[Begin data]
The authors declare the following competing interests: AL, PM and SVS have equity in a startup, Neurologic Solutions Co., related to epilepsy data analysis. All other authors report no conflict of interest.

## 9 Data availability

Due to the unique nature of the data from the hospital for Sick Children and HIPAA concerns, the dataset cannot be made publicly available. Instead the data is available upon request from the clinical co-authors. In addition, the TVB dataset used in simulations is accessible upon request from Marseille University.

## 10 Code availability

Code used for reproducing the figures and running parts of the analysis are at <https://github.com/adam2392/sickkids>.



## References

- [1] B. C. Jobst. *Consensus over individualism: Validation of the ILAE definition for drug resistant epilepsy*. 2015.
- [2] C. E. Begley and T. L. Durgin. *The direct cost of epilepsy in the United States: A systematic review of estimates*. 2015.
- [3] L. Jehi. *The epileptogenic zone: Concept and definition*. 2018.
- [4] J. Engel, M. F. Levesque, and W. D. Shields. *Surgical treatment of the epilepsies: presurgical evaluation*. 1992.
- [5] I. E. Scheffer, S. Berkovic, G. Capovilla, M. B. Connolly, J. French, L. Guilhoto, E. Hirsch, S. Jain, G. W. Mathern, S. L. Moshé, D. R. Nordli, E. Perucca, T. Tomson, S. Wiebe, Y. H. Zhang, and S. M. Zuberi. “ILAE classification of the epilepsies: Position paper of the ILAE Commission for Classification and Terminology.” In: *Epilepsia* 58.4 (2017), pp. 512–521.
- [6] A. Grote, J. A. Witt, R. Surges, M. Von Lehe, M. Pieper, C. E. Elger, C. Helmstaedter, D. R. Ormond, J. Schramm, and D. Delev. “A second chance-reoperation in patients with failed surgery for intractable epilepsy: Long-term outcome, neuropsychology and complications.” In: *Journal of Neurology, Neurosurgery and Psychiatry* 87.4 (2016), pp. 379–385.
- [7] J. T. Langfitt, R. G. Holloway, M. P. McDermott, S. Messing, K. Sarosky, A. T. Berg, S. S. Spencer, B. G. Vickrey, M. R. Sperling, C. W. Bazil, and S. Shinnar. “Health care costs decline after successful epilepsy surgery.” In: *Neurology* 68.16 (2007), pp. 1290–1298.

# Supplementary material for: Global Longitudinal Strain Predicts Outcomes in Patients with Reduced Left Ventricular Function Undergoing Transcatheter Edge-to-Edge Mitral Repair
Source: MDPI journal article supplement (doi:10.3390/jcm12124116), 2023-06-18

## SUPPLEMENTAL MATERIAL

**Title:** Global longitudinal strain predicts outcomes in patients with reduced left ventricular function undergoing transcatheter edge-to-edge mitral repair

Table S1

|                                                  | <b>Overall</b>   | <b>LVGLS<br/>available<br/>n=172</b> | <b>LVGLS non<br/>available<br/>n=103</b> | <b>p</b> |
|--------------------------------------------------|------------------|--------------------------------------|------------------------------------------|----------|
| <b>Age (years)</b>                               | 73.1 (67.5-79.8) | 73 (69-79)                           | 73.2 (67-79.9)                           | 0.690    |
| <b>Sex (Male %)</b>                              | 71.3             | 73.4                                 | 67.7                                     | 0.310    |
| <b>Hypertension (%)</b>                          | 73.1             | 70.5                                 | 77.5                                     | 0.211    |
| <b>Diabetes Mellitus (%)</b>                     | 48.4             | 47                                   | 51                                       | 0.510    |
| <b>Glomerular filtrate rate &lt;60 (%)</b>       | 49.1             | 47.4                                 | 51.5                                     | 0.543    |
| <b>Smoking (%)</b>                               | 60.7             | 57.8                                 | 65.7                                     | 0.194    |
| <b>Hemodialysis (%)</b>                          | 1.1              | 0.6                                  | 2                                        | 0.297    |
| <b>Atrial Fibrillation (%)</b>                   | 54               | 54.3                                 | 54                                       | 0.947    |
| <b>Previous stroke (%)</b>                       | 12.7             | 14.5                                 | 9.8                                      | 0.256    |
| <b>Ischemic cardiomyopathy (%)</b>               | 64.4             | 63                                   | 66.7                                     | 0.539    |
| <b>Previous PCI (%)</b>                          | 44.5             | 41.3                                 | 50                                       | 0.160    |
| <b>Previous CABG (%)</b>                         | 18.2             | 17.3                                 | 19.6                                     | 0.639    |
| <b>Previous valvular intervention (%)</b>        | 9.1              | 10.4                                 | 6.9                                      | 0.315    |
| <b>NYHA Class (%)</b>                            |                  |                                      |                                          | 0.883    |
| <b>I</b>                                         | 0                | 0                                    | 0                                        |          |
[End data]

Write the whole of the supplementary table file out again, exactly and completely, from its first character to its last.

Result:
The authors declare the following competing interests: AL, PM and SVS have equity in a startup, Neurologic Solutions Co., related to epilepsy data analysis. All other authors report no conflict of interest.

## 9 Data availability

Due to the unique nature of the data from the hospital for Sick Children and HIPAA concerns, the dataset cannot be made publicly available. Instead the data is available upon request from the clinical co-authors. In addition, the TVB dataset used in simulations is accessible upon request from Marseille University.

## 10 Code availability

Code used for reproducing the figures and running parts of the analysis are at <https://github.com/adam2392/sickkids>.



## References

- [1] B. C. Jobst. *Consensus over individualism: Validation of the ILAE definition for drug resistant epilepsy*. 2015.
- [2] C. E. Begley and T. L. Durgin. *The direct cost of epilepsy in the United States: A systematic review of estimates*. 2015.
- [3] L. Jehi. *The epileptogenic zone: Concept and definition*. 2018.
- [4] J. Engel, M. F. Levesque, and W. D. Shields. *Surgical treatment of the epilepsies: presurgical evaluation*. 1992.
- [5] I. E. Scheffer, S. Berkovic, G. Capovilla, M. B. Connolly, J. French, L. Guilhoto, E. Hirsch, S. Jain, G. W. Mathern, S. L. Moshé, D. R. Nordli, E. Perucca, T. Tomson, S. Wiebe, Y. H. Zhang, and S. M. Zuberi. “ILAE classification of the epilepsies: Position paper of the ILAE Commission for Classification and Terminology.” In: *Epilepsia* 58.4 (2017), pp. 512–521.
- [6] A. Grote, J. A. Witt, R. Surges, M. Von Lehe, M. Pieper, C. E. Elger, C. Helmstaedter, D. R. Ormond, J. Schramm, and D. Delev. “A second chance-reoperation in patients with failed surgery for intractable epilepsy: Long-term outcome, neuropsychology and complications.” In: *Journal of Neurology, Neurosurgery and Psychiatry* 87.4 (2016), pp. 379–385.
- [7] J. T. Langfitt, R. G. Holloway, M. P. McDermott, S. Messing, K. Sarosky, A. T. Berg, S. S. Spencer, B. G. Vickrey, M. R. Sperling, C. W. Bazil, and S. Shinnar. “Health care costs decline after successful epilepsy surgery.” In: *Neurology* 68.16 (2007), pp. 1290–1298.

# Supplementary material for: Global Longitudinal Strain Predicts Outcomes in Patients with Reduced Left Ventricular Function Undergoing Transcatheter Edge-to-Edge Mitral Repair
Source: MDPI journal article supplement (doi:10.3390/jcm12124116), 2023-06-18

## SUPPLEMENTAL MATERIAL

**Title:** Global longitudinal strain predicts outcomes in patients with reduced left ventricular function undergoing transcatheter edge-to-edge mitral repair

Table S1

|                                                  | <b>Overall</b>   | <b>LVGLS<br/>available<br/>n=172</b> | <b>LVGLS non<br/>available<br/>n=103</b> | <b>p</b> |
|--------------------------------------------------|------------------|--------------------------------------|------------------------------------------|----------|
| <b>Age (years)</b>                               | 73.1 (67.5-79.8) | 73 (69-79)                           | 73.2 (67-79.9)                           | 0.690    |
| <b>Sex (Male %)</b>                              | 71.3             | 73.4                                 | 67.7                                     | 0.310    |
| <b>Hypertension (%)</b>                          | 73.1             | 70.5                                 | 77.5                                     | 0.211    |
| <b>Diabetes Mellitus (%)</b>                     | 48.4             | 47                                   | 51                                       | 0.510    |
| <b>Glomerular filtrate rate &lt;60 (%)</b>       | 49.1             | 47.4                                 | 51.5                                     | 0.543    |
| <b>Smoking (%)</b>                               | 60.7             | 57.8                                 | 65.7                                     | 0.194    |
| <b>Hemodialysis (%)</b>                          | 1.1              | 0.6                                  | 2                                        | 0.297    |
| <b>Atrial Fibrillation (%)</b>                   | 54               | 54.3                                 | 54                                       | 0.947    |
| <b>Previous stroke (%)</b>                       | 12.7             | 14.5                                 | 9.8                                      | 0.256    |
| <b>Ischemic cardiomyopathy (%)</b>               | 64.4             | 63                                   | 66.7                                     | 0.539    |
| <b>Previous PCI (%)</b>                          | 44.5             | 41.3                                 | 50                                       | 0.160    |
| <b>Previous CABG (%)</b>                         | 18.2             | 17.3                                 | 19.6                                     | 0.639    |
| <b>Previous valvular intervention (%)</b>        | 9.1              | 10.4                                 | 6.9                                      | 0.315    |
| <b>NYHA Class (%)</b>                            |                  |                                      |                                          | 0.883    |
| <b>I</b>                                         | 0                | 0                                    | 0                                        |          |